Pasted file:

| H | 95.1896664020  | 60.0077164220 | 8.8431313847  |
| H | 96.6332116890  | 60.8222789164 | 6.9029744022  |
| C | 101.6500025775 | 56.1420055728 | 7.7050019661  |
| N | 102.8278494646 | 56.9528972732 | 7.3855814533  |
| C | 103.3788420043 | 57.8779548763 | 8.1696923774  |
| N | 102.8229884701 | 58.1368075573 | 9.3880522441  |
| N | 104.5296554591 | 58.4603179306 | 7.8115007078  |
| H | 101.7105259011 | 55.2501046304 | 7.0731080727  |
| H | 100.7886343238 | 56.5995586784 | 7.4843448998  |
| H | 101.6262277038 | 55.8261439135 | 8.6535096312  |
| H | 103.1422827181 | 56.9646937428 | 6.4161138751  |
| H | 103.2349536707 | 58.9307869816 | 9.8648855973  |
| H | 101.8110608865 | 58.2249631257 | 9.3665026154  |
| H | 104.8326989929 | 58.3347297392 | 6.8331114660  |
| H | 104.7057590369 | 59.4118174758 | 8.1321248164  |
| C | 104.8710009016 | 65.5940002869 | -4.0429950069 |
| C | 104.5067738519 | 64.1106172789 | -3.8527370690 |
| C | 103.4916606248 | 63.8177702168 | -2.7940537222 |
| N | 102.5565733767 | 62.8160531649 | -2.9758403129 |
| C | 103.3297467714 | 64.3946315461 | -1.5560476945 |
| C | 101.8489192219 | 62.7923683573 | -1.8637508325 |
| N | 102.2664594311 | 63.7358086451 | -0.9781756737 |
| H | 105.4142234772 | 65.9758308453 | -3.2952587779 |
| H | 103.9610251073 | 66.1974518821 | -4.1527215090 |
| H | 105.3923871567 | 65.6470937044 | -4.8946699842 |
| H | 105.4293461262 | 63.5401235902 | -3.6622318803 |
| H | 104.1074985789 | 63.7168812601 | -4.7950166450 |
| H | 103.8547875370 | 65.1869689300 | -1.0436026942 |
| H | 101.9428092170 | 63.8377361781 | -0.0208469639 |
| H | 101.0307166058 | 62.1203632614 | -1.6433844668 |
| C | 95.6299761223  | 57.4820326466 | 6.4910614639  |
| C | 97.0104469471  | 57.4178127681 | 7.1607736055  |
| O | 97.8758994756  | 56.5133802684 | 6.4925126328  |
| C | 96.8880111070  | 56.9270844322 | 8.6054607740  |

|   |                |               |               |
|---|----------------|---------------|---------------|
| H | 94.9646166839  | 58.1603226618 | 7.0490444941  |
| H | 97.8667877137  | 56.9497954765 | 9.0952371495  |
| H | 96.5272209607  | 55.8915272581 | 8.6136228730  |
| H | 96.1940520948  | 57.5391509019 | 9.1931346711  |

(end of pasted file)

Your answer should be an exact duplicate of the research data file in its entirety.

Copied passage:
| H | 95.1896664020  | 60.0077164220 | 8.8431313847  |
| H | 96.6332116890  | 60.8222789164 | 6.9029744022  |
| C | 101.6500025775 | 56.1420055728 | 7.7050019661  |
| N | 102.8278494646 | 56.9528972732 | 7.3855814533  |
| C | 103.3788420043 | 57.8779548763 | 8.1696923774  |
| N | 102.8229884701 | 58.1368075573 | 9.3880522441  |
| N | 104.5296554591 | 58.4603179306 | 7.8115007078  |
| H | 101.7105259011 | 55.2501046304 | 7.0731080727  |
| H | 100.7886343238 | 56.5995586784 | 7.4843448998  |
| H | 101.6262277038 | 55.8261439135 | 8.6535096312  |
| H | 103.1422827181 | 56.9646937428 | 6.4161138751  |
| H | 103.2349536707 | 58.9307869816 | 9.8648855973  |
| H | 101.8110608865 | 58.2249631257 | 9.3665026154  |
| H | 104.8326989929 | 58.3347297392 | 6.8331114660  |
| H | 104.7057590369 | 59.4118174758 | 8.1321248164  |
| C | 104.8710009016 | 65.5940002869 | -4.0429950069 |
| C | 104.5067738519 | 64.1106172789 | -3.8527370690 |
| C | 103.4916606248 | 63.8177702168 | -2.7940537222 |
| N | 102.5565733767 | 62.8160531649 | -2.9758403129 |
| C | 103.3297467714 | 64.3946315461 | -1.5560476945 |
| C | 101.8489192219 | 62.7923683573 | -1.8637508325 |
| N | 102.2664594311 | 63.7358086451 | -0.9781756737 |
| H | 105.4142234772 | 65.9758308453 | -3.2952587779 |
| H | 103.9610251073 | 66.1974518821 | -4.1527215090 |
| H | 105.3923871567 | 65.6470937044 | -4.8946699842 |
| H | 105.4293461262 | 63.5401235902 | -3.6622318803 |
| H | 104.1074985789 | 63.7168812601 | -4.7950166450 |
| H | 103.8547875370 | 65.1869689300 | -1.0436026942 |
| H | 101.9428092170 | 63.8377361781 | -0.0208469639 |
| H | 101.0307166058 | 62.1203632614 | -1.6433844668 |
| C | 95.6299761223  | 57.4820326466 | 6.4910614639  |
| C | 97.0104469471  | 57.4178127681 | 7.1607736055  |
| O | 97.8758994756  | 56.5133802684 | 6.4925126328  |
| C | 96.8880111070  | 56.9270844322 | 8.6054607740  |

|   |                |               |               |
|---|----------------|---------------|---------------|
| H | 94.9646166839  | 58.1603226618 | 7.0490444941  |
| H | 97.8667877137  | 56.9497954765 | 9.0952371495  |
| H | 96.5272209607  | 55.8915272581 | 8.6136228730  |
| H | 96.1940520948  | 57.5391509019 | 9.1931346711  |